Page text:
Wednesday, February 09, 2005
Ind. Decisions - 7th Circuit posts two today
Roquet, Nancy J. v. Arthur Andersen LLP (ND Ill.) [15 pp.]
Before RIPPLE, WOOD, and EVANS, Circuit Judges.
EVANS, Circuit Judge. This case involves the Worker Adjustment and Retraining Notification Act, 29 U.S.C. §§ 2101-2109, better known by its shortened name, the WARN Act. The Act became law in 1989, and its purpose is to soften the economic blow suffered by workers who unexpectedly face plant closings or mass layoffs. Among other things, the Act requires that companies subject to its reach (generally large employers) give employees 60 days notice in advance of any mass layoffs or plant closings. The notice gives affected workers a little time to adjust to a job loss, find new employment, or, if necessary, obtain retraining.
Our case, however, is not your typical WARN Act fare as it involves hot-button topics like “Enron,” “document shredding,” and “indictment.” And it concerns an exception to the WARN Act’s notification requirement: the Act’s 60- day-notice obligation is eliminated, or reduced to a shorter term, if a mass layoff or plant closing is “caused by business circumstances that were not reasonably foreseeable as of the time that notice would have been required.” * * *
Andersen has appealed the district court’s entry of summary judgment for the plaintiffs on the question of whether its workforce reduction constituted a “mass layoff” under the Act. But because we agree with the court’s dismissal of the suit under the WARN Act’s “unforeseen business circumstances” exception, we need not address the contention. The judgment of the district court is AFFIRMED.
WOOD, Circuit Judge, dissenting. * * *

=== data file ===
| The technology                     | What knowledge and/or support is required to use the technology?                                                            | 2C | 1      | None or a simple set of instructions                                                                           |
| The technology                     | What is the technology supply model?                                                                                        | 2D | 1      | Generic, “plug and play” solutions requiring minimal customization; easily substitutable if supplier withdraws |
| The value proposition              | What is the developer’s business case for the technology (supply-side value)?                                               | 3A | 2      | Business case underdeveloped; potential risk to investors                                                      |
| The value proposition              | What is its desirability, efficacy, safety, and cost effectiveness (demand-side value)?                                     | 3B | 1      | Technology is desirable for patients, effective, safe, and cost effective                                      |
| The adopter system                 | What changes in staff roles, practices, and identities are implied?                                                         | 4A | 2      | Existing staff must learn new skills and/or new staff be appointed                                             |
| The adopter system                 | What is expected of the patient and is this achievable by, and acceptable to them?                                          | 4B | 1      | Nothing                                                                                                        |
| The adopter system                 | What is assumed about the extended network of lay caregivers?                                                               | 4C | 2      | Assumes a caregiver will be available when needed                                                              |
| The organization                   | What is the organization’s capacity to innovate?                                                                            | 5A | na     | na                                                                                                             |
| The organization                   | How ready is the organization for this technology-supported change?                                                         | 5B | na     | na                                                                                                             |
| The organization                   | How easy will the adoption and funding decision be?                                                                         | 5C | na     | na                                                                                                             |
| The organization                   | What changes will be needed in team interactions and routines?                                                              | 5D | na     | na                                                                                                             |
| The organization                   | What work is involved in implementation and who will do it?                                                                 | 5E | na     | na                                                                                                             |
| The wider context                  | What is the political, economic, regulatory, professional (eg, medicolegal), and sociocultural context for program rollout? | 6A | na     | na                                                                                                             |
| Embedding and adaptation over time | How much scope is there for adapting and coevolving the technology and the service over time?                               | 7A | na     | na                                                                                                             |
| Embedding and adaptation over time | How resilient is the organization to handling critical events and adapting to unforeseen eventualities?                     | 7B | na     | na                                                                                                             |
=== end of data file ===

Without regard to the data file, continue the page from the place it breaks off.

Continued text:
The majority worries that giving the required WARN Act notice might exacerbate problems for a floundering company. While this may be true, the fact is that Congress weighed the interests of companies and workers in the statute, and it drew the 60-day line we have. Companies can protect themselves to a certain degree in the wording of the notices they give. As I stated above, the company need not be able to identify each affected employee by name; a general notice, alerting the employees as a group to the possibility of a layoff, is what the statute requires. Finally, at least on the present facts, Andersen’s troubles were not exactly a state secret. There was nothing left to hide after March 14, when the indictment hit the front pages of the country’s newspapers. By March 1, it was reasonably foreseeable to the firm that it would need to reduce its staff drastically. For these reasons, I would reverse and remand for further proceedings. I respectfully dissent.
NLRB v. Curwood Incorporated (NLRB Board) [18 pp.]
Posted by Marcia Oddi on February 9, 2005 02:34 PM
Posted to Ind. (7th Cir.) Decisions